DIY devices jolt brain, improve function

tDCS

Andrea Cannon

tDCS

By Assistant Sports & Health Editor

For some, a cup of coffee is the best way to focus on work. But for Vincent Wood, a junior neuroscience major at the University of Pittsburgh, that extra jolt of energy comes from a different source.

Wood uses Transcranial Direct Current Stimulation at home, a device that uses electrodes attached to the head to send a small electrical current to parts of the brain intended to improve its performance.

The device works by applying a weak current to the scalp, which penetrates the brain’s tissue and changes the likelihood of neurons in that region to fire signals or not, thus either enhancing or inhibiting certain processes, according to Jeremy Nelson, science advisor at the Department of Defense Hearing Center of Excellence.

Wood is only one of many who self-administer tDCS outside of a laboratory setting. Use of such brain stimulation has gained momentum among many who practice it at home using DIY devices. There is an entire online community of users who self-administer tDCS and share their experiences through different platforms, including message boards such as reddit and YouTube. 

However, tDCS is not approved by the U.S. Food and Drug Administration, and, according to Nelson, research on the technology is still fairly new, so it is difficult to know any long-term risks in using the device.

“[There are] factors that we need to study more thoroughly, so it’s hard to say [what  the risks are], and that’s going to be probably everyone’s biggest caution,” Nelson said. “We still don’t know what happens when somebody applies this to themselves for hours or for days, weeks or months.”

Michael T. Weisend, senior research scientist at the Wright State Research Institute, said self-administering tDCS is risky because it can potentially burn the user. Depending on the type of electrodes used, their placement and the voltage level of the device is, users can run the risk of burning their scalps, which could cause scarring.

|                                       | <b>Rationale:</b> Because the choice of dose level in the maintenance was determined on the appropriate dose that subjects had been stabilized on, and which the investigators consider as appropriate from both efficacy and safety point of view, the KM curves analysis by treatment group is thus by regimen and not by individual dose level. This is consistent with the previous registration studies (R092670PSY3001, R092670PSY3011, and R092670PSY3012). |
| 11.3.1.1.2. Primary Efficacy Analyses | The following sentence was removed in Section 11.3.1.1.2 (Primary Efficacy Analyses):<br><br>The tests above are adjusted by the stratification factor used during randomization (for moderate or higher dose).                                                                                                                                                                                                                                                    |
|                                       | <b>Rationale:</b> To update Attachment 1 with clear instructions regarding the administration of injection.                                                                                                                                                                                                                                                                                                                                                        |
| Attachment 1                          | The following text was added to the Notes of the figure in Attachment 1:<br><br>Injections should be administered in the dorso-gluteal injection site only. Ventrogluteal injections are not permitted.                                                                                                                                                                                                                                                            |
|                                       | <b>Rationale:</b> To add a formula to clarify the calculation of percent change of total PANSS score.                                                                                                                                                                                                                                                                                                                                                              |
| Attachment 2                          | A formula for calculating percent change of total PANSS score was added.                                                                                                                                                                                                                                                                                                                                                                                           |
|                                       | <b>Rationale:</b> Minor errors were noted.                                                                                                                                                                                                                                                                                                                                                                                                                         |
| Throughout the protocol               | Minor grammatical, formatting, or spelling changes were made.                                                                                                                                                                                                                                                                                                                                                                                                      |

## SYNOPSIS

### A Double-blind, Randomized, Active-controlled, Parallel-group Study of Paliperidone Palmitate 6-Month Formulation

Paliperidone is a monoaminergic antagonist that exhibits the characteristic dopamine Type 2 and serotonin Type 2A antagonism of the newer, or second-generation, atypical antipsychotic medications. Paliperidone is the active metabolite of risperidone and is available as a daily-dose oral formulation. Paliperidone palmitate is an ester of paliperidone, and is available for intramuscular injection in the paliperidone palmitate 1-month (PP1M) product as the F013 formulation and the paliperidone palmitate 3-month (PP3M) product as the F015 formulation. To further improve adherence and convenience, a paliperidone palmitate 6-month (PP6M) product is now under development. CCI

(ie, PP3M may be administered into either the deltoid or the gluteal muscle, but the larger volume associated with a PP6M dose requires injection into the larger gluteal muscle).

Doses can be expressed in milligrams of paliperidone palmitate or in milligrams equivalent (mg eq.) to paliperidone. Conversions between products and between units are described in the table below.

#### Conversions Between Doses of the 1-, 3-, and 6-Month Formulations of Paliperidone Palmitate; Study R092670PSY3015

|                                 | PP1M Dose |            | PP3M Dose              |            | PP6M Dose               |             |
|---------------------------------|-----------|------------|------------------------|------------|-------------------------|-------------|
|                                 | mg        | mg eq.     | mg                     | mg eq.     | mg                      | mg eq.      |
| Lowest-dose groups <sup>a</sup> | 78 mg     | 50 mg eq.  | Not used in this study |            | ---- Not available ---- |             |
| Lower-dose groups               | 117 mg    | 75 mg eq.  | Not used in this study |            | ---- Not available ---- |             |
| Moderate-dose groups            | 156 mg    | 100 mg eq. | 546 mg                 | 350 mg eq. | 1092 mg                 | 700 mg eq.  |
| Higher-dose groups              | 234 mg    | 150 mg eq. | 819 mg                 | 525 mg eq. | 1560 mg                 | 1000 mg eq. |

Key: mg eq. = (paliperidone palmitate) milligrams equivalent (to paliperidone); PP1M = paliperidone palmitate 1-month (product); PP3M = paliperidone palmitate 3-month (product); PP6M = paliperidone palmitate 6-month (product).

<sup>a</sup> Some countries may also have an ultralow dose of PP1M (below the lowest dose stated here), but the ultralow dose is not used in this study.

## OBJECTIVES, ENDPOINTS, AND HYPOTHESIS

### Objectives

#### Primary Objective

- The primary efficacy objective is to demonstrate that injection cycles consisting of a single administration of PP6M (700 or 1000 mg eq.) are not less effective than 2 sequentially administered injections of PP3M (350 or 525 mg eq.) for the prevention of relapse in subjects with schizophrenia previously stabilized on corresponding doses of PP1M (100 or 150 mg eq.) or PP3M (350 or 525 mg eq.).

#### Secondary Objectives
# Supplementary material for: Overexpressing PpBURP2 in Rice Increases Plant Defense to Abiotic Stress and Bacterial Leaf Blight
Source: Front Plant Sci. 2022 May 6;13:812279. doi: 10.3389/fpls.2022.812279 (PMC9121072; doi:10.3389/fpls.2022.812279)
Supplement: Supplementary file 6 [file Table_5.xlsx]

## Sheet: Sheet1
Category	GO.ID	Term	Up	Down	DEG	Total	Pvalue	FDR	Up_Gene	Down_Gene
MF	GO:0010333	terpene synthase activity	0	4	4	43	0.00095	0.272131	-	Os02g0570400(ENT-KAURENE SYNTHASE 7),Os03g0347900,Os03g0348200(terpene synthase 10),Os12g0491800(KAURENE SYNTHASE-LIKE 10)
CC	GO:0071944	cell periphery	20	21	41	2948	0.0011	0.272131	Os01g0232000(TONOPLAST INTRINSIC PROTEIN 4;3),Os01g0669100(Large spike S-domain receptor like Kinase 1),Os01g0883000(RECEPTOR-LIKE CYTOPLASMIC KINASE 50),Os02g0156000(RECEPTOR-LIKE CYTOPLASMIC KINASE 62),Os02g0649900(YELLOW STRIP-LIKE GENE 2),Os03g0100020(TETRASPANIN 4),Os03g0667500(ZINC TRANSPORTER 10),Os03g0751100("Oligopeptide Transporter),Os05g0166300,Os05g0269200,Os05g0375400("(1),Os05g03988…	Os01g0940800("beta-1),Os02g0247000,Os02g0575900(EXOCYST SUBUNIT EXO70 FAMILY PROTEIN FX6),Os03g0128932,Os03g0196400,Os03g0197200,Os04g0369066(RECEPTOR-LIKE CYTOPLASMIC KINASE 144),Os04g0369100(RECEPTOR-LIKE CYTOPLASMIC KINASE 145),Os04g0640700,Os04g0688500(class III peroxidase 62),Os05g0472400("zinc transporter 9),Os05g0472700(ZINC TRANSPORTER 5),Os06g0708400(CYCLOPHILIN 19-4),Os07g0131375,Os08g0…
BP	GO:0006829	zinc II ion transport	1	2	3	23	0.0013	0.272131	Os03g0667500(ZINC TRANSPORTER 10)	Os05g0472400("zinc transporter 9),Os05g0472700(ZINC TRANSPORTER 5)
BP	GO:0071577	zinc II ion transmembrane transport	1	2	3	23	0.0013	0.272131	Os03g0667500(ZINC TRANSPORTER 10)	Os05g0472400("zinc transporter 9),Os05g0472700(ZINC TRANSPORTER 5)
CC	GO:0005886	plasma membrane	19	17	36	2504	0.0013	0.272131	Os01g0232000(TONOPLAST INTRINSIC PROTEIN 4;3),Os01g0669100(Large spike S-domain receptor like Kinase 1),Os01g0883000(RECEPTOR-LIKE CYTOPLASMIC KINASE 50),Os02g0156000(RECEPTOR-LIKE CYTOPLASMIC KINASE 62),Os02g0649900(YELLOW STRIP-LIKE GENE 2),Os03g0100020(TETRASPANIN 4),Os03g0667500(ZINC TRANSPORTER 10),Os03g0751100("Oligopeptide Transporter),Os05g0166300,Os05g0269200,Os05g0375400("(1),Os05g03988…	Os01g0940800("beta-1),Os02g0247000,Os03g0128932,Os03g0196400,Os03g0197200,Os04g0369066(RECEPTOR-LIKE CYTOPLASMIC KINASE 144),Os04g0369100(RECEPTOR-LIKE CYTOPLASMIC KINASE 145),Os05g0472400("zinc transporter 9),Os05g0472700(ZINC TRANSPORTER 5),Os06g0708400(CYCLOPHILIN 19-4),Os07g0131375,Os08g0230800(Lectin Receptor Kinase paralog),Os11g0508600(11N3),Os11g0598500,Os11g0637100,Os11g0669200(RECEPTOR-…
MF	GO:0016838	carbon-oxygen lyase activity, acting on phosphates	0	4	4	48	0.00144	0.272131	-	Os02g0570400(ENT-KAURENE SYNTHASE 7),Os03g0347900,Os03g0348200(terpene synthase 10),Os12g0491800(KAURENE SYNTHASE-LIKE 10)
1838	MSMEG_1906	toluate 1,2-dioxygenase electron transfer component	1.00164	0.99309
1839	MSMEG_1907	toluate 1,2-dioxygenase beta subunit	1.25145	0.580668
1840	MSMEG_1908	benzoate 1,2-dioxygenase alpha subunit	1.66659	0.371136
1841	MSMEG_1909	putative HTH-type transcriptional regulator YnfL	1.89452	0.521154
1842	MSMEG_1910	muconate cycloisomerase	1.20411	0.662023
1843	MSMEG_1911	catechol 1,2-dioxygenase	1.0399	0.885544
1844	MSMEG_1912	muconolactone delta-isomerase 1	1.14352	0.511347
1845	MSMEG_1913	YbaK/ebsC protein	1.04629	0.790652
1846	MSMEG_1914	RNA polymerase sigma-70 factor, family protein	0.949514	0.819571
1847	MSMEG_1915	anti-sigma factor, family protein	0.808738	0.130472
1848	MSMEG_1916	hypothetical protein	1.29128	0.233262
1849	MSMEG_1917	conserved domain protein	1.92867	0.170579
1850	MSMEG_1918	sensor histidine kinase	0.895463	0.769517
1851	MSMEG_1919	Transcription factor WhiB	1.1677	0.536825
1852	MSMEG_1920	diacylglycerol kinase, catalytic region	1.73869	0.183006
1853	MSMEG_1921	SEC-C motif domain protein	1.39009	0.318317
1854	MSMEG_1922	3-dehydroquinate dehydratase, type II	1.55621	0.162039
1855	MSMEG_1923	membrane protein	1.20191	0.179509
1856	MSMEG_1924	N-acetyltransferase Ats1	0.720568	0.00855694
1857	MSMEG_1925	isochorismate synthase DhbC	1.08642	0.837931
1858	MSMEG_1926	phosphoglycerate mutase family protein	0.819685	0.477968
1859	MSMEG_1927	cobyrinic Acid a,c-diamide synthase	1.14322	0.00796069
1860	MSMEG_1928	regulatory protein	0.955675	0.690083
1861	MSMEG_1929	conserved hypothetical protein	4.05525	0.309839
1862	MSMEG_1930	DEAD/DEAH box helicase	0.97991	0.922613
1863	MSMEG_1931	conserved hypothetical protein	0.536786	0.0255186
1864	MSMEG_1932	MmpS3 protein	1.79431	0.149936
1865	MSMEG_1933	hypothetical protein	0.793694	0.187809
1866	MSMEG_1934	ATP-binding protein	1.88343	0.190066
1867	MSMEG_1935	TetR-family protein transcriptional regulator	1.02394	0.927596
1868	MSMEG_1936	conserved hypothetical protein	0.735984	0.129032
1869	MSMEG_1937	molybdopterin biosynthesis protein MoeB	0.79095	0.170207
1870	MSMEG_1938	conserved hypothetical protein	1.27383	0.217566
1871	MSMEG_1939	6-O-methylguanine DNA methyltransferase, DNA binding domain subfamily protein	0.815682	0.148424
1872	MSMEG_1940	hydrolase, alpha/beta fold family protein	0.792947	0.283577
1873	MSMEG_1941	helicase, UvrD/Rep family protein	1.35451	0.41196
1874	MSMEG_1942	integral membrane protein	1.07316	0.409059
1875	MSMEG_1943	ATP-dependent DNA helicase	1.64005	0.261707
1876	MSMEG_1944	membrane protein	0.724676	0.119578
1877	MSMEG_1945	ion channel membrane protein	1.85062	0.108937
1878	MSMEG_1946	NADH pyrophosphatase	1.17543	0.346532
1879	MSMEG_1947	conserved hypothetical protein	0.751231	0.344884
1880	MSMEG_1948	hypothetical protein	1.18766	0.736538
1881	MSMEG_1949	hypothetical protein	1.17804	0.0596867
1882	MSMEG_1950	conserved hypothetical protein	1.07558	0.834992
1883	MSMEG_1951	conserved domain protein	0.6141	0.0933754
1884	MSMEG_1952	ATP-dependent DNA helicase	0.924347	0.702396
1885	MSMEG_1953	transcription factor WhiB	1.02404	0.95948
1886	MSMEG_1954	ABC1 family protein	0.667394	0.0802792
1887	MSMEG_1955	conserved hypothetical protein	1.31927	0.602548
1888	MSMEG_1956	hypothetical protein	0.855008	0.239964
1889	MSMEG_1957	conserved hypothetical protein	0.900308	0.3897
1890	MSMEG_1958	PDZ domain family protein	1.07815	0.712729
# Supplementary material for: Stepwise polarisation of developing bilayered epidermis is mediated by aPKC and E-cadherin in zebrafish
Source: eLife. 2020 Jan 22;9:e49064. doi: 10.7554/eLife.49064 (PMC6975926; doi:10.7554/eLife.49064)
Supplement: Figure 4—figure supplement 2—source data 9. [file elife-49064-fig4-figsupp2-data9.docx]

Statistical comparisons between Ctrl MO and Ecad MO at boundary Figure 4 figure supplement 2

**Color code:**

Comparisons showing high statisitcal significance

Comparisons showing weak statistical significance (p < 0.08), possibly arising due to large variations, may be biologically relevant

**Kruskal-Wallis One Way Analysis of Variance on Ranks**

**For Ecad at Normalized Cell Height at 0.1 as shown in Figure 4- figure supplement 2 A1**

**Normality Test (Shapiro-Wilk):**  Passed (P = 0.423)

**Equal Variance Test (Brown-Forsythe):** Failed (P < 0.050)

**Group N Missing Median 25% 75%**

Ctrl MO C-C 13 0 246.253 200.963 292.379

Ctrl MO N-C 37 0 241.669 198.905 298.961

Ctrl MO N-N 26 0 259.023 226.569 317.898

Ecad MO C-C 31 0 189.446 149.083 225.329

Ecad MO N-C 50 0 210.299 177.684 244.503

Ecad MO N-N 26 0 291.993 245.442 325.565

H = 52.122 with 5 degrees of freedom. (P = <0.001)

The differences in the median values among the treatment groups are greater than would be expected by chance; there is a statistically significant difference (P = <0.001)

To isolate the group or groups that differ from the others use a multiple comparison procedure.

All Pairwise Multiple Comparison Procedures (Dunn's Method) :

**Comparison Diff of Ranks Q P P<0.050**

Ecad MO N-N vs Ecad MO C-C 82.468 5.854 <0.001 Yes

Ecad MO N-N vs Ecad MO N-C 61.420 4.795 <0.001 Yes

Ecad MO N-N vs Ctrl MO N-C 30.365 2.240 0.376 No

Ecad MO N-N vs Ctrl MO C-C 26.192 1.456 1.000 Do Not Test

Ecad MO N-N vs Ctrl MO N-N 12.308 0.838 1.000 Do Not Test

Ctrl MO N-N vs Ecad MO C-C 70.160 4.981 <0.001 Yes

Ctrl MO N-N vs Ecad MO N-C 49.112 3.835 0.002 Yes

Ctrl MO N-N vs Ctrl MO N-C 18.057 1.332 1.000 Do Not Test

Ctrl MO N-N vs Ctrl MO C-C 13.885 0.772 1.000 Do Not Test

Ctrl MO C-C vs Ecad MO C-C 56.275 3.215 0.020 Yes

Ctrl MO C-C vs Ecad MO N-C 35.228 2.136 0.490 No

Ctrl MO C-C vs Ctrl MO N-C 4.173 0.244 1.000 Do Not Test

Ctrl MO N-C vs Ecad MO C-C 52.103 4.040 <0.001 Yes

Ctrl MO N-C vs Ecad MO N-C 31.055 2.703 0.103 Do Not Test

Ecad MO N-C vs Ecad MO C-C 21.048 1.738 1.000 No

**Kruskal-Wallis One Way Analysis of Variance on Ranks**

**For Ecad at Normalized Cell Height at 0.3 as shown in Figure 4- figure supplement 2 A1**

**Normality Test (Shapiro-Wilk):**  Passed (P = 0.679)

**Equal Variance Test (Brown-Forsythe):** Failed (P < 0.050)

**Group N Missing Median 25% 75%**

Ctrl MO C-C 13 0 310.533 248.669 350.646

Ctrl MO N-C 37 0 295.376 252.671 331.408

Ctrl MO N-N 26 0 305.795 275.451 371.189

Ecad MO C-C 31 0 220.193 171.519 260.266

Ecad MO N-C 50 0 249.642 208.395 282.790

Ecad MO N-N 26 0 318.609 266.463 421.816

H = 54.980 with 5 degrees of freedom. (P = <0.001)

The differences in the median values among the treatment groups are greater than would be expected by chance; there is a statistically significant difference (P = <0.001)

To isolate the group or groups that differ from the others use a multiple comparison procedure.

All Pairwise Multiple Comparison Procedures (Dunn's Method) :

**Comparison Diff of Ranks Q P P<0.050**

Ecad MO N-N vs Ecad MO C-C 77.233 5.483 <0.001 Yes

“The problem with the devices that [some] might make at home is that there’s not the controls we have in a pretty rigorous laboratory setting where there are well-defined parameters,” Nelson said.

If it was possible to create a device that completely controls electrode placement and other parameters that tDCS operates with, users who self-administer tDCS might be able to practice it with less risk.

“On the mechanistic side, we are pretty much in the dark,” Weisend said. “Nobody really knows [the long-term effects], so any time that you want to develop tDCS for [self-application], it’s going to require very careful documentation of what’s going on.”

At first, Wood said he was not worried about the potential negative side effects of the stimulation because he researched tDCS online and found numerous accounts from people who practiced it successfully on their own.

Wood said he uses tDCS while playing improvisational jazz piano and the stimulation helps to increase his overall focus while playing.

“The first time I tried it, I immediately noticed an effect,” Wood said. “You get a light that blinks in the corner of your eyes, [which is] just the exciting of the optical nerves, and I also felt a metallic feeling in the back of my mouth.”

Weisend said he thinks that there will soon be an increase of consumer devices for tDCS, that will increase in popularity until somebody gets hurt from the stimulation, sparking a more careful look at how tDCS works.

“I hope there are a couple of really careful and long-term studies done on how it affects your brain if you use it every day,” Weisend said. “I would also hope that people do a careful job of taking care of [their] skin while passing electricity because [they] can burn themselves.

Weisend also said he worries that users might seek specific results without basing their practices on scientific principles. Results can vary depending on the placement of electrodes, also known as a montage, on a person’s head, so different montages may yield different results.

“For example, if you get up in the morning and you feel like you need your cup of coffee, would you pick a random beverage out of the refrigerator and hope it’s coffee, or would you look specifically [for] the coffee and prepare it in a specific way so that it has a specific effect?” Weisend said. “With tDCS, it’s going to be the exact same way—a specific tool for a specific task in a specific rotation for a specific effect.”